# Unique Shapes of Binary Search Trees

Say you have a set of numbers {1,2,3,4,5,6,7,8,9,10} of which you have all different permutations.

You place each permutation into a BST and then compare all the shapes of the BSTs. How many different (unique) shapes are there for trees of height 6 for example?

The question does not need to be answered directly, instead maybe an algorithm to help determine the shape instead and compare.

• what is the "shape" of a tree ? For any permutation, I can always change the shape by rotations, while preserving the ordering. – Suresh Venkat Sep 23 '10 at 22:15
• Catalan numbers give the total number of different "shapes" of binary trees. – Jukka Suomela Sep 23 '10 at 22:33
• @Jukka: so if that gives the total, trying to get the ones of a particular height would require what kind of computation? – Sev Sep 23 '10 at 23:31
• This seems a bit too elementary. Let f(n,h) be the number of binary trees with n nodes of height h and let g(n,h) be the number of binary trees with n nodes of height at most h. Then you get a pair of coupled recurrences, f(n,h) = 2 sum(k=1..n-1) f(k, h-1) g(n-k-1, h-1) and g(n,h) = sum(k=0..h) f(n,k), which you can evaluate efficiently with dynamic programming. Maybe that isn't completely right for what you want, but it should give you the right idea. – Per Vognsen Sep 24 '10 at 0:42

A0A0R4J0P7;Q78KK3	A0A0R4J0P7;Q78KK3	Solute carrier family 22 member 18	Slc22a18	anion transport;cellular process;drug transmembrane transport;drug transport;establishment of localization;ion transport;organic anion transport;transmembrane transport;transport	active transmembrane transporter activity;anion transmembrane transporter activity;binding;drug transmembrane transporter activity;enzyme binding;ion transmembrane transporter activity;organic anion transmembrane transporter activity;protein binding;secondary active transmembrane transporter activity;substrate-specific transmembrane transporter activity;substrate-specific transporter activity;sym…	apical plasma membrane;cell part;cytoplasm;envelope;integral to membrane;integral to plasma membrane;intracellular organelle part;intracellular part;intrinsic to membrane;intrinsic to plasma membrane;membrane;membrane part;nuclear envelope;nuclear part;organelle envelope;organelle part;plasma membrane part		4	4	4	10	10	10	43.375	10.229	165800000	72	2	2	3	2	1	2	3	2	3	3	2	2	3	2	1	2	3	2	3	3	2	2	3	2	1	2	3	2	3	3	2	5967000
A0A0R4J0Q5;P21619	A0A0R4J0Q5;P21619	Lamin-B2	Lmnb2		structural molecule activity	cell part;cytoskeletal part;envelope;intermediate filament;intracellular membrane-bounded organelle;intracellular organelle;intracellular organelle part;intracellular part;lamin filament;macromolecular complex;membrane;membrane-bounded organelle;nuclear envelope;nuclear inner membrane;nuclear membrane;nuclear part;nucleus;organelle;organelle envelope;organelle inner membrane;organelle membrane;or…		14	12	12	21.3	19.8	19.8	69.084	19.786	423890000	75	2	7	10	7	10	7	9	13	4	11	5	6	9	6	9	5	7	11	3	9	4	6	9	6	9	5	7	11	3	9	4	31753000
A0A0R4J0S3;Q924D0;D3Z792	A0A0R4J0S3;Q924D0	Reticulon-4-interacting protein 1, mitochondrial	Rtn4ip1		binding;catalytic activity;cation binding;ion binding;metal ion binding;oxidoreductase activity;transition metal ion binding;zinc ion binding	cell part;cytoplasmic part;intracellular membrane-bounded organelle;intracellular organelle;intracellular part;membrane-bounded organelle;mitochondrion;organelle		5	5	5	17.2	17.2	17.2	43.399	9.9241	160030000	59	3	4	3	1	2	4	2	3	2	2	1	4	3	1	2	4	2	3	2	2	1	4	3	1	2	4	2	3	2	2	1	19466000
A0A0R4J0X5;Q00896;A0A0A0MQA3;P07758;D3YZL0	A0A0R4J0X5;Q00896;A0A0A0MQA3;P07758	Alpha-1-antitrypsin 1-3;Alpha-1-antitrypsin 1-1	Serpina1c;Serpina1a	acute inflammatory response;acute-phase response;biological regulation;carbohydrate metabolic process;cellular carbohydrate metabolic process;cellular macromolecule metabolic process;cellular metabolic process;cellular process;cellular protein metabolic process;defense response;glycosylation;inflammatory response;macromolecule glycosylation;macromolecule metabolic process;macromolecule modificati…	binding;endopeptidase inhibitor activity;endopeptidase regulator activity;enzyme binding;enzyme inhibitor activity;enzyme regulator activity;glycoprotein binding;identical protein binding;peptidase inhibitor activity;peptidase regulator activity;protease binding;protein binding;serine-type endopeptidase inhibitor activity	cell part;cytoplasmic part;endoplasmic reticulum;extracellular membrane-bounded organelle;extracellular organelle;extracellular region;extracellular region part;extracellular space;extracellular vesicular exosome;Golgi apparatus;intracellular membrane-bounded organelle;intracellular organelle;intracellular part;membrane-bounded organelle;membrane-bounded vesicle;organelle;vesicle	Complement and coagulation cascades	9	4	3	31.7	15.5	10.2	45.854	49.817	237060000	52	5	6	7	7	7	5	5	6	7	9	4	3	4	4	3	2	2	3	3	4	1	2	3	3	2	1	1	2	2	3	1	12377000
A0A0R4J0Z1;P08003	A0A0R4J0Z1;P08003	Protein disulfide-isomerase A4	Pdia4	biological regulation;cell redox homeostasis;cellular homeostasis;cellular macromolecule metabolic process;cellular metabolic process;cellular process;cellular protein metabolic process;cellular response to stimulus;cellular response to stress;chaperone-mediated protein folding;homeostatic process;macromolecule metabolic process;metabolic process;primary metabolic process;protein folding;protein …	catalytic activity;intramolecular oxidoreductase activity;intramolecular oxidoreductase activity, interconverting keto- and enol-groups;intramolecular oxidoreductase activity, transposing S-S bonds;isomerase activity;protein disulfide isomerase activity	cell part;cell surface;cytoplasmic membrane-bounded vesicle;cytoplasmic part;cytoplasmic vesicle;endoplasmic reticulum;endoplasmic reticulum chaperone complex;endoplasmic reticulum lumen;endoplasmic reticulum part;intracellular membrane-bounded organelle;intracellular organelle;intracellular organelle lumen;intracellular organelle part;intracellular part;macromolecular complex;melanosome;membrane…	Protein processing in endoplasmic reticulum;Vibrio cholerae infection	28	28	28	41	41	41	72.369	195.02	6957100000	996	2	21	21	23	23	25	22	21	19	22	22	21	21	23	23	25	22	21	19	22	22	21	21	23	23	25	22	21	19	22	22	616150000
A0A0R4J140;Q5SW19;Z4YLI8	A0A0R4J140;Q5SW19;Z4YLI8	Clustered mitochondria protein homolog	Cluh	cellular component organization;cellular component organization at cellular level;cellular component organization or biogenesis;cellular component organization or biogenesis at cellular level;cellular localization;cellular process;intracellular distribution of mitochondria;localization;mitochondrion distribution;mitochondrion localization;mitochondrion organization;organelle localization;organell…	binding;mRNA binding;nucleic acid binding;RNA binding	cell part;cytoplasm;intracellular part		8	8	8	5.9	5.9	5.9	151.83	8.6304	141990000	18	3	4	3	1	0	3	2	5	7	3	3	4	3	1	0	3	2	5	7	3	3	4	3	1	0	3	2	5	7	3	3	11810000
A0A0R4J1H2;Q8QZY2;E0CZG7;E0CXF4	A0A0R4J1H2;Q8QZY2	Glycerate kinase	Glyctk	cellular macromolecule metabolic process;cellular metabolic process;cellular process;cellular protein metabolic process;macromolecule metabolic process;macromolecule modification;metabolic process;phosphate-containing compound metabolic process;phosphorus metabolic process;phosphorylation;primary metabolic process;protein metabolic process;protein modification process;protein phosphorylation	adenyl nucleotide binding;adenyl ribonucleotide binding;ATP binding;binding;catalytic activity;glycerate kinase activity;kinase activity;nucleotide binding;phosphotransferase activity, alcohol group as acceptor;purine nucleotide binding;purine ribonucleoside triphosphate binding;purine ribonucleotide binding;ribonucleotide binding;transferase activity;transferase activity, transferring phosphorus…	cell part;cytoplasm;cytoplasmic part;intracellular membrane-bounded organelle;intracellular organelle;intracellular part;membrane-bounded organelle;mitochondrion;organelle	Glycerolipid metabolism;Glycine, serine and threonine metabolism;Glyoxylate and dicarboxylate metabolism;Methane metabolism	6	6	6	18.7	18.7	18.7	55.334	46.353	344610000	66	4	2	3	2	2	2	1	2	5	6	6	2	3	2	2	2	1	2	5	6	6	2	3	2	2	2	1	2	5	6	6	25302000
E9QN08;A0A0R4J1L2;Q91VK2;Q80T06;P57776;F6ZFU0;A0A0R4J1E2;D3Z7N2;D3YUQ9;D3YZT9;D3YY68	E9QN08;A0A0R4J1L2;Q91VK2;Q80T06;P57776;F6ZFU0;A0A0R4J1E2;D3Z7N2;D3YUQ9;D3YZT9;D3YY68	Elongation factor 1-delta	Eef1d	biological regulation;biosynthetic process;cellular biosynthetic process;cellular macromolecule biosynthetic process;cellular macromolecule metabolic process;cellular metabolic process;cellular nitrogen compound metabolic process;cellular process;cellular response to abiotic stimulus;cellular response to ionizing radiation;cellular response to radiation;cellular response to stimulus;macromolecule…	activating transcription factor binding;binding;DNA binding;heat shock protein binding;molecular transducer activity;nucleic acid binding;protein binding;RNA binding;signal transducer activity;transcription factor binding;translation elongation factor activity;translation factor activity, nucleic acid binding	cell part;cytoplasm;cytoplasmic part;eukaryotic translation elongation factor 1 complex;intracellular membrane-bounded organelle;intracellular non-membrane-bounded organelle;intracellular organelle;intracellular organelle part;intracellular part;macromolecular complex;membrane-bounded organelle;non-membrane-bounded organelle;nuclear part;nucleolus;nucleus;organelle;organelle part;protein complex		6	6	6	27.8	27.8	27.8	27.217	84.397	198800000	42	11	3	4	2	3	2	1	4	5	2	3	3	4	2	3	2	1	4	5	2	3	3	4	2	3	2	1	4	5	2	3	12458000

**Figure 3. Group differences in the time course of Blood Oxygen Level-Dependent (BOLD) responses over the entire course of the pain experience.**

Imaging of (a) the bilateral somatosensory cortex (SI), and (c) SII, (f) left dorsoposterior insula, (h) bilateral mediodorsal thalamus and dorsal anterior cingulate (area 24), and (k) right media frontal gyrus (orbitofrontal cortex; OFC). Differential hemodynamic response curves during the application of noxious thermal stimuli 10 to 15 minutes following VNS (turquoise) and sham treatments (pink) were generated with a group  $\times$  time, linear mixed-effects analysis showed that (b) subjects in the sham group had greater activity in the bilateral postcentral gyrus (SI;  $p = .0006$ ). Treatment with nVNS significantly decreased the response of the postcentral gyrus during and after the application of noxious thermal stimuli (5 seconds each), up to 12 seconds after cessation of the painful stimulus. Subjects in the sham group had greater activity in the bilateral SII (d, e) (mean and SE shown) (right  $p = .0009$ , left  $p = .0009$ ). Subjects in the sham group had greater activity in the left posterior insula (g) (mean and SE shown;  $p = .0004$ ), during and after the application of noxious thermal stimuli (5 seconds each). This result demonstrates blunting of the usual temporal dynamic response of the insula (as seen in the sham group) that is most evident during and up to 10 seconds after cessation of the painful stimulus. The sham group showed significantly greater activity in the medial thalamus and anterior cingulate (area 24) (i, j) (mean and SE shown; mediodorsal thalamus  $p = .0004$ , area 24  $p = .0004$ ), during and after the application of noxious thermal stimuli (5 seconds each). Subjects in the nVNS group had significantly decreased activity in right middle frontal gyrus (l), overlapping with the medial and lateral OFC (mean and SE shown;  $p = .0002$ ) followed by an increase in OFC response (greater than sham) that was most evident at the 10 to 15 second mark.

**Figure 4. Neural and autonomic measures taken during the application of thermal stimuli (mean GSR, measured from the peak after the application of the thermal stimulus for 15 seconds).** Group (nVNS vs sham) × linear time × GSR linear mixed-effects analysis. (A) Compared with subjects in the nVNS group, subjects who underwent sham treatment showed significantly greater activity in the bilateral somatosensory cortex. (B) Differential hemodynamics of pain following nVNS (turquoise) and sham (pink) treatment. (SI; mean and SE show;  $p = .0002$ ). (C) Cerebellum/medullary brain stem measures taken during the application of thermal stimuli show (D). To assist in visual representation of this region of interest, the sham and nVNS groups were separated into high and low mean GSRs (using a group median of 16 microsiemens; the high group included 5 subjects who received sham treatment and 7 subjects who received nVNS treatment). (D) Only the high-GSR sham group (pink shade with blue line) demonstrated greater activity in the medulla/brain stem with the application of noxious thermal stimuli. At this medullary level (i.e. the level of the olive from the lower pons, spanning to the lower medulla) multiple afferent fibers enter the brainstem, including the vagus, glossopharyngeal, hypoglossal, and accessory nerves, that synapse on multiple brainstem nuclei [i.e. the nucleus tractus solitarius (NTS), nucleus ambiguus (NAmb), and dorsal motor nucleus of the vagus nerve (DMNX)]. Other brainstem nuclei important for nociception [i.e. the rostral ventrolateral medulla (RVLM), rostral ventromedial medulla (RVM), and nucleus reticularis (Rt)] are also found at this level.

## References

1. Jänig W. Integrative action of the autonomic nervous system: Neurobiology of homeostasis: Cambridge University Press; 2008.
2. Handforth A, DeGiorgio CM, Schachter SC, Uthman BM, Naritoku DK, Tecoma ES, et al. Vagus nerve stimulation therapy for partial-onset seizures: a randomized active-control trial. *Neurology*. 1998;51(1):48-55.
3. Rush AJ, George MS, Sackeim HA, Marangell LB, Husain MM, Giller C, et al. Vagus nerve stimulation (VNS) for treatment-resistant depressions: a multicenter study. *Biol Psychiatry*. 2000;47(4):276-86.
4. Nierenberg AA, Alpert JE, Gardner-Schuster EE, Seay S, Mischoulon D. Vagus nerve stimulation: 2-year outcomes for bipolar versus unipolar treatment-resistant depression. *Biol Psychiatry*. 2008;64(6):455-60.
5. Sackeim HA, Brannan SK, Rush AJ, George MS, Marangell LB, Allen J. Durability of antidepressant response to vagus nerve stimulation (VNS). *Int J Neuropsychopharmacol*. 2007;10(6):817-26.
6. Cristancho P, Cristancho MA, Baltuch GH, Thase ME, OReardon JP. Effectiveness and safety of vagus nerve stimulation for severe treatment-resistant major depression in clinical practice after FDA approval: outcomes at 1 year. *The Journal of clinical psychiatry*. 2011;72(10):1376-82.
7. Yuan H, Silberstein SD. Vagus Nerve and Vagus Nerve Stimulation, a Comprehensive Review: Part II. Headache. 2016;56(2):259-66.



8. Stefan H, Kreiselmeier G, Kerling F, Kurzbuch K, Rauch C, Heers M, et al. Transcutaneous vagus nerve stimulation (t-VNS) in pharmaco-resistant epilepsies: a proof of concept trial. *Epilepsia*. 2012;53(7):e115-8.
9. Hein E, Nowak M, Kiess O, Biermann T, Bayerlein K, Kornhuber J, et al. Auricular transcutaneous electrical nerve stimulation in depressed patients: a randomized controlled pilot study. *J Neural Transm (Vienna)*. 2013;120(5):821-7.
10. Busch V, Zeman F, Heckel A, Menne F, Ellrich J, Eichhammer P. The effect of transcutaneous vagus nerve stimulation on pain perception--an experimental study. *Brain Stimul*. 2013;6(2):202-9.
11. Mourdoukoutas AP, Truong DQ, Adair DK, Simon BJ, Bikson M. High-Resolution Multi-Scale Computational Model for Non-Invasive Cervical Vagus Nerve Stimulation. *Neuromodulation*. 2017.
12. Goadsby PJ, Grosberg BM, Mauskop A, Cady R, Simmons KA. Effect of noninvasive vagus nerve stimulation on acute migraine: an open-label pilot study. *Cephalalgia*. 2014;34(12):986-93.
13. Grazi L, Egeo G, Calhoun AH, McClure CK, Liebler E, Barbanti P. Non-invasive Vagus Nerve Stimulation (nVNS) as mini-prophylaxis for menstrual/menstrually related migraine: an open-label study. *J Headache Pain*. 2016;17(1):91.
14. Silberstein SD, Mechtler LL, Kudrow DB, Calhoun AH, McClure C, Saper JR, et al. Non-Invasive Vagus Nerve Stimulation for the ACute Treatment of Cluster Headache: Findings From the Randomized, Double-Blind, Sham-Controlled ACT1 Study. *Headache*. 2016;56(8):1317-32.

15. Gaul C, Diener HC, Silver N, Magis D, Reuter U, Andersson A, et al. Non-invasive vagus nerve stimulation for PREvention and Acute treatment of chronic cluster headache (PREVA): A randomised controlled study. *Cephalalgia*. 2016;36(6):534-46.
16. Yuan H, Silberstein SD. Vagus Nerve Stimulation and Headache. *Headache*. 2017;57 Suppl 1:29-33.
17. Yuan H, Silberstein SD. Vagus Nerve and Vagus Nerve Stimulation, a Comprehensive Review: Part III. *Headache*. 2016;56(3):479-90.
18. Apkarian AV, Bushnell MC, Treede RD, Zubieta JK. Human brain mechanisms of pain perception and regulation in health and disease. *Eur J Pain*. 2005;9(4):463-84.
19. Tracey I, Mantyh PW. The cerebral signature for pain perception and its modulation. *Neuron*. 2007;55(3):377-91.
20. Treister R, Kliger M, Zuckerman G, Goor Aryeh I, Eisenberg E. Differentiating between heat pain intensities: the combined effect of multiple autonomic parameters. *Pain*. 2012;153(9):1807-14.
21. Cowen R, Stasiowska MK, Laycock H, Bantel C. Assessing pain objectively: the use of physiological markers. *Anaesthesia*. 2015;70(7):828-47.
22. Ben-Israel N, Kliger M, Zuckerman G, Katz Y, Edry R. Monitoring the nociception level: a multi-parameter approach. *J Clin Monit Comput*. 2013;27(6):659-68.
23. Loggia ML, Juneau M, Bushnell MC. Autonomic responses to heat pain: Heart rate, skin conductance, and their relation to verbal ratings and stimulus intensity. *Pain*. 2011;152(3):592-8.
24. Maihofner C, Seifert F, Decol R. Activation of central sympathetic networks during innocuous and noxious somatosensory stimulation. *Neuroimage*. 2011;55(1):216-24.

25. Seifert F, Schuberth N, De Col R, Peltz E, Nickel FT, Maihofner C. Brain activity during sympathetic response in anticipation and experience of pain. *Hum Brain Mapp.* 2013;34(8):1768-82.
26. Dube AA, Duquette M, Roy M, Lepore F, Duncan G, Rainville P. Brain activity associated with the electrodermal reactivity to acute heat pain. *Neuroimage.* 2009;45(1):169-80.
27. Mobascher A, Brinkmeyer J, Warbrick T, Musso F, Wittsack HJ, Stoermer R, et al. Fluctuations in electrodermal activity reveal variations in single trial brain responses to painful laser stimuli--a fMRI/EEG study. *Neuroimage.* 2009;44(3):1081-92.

• @Per, good comment: would be an even better answer :) – Suresh Venkat Sep 24 '10 at 5:56

To compute this exactly, you will probably want to use Brendan McKay's "Isomorph-free exhaustive generation" which he uses in his program geng to list each isomorphism class of simple graphs on a given number of vertices and edges, and do it quickly.
To summarize his process, he uses a depth-first search on graphs, where each deepening step adds a vertex. To make sure no isomorphism class is repeated (which would happen a lot if this was done naïvely) the vertex-added graph decides if this was the "canonical" subgraph to use in the search. The algorithm essentially picks a vertex in the graph to be deleted using a canonical labeling of the graph and tests if this was the vertex that was added. A canonical labeling can be found by McKay's nauty library.
In your binary tree example, you would add a leaf somewhere in the tree. You can fix the root, but the other vertices may permute based on the automorphism group. Hence, you only need to test adding a leaf to each orbit of vertices that has fewer than two children. After adding the leaf, compute the canonical labeling of the tree and find the lexicographically-least leaf. If this leaf is in the same orbit as the leaf you added, then the search can deepen; otherwise try a new leaf. When $n$ vertices are reached, increment your counter.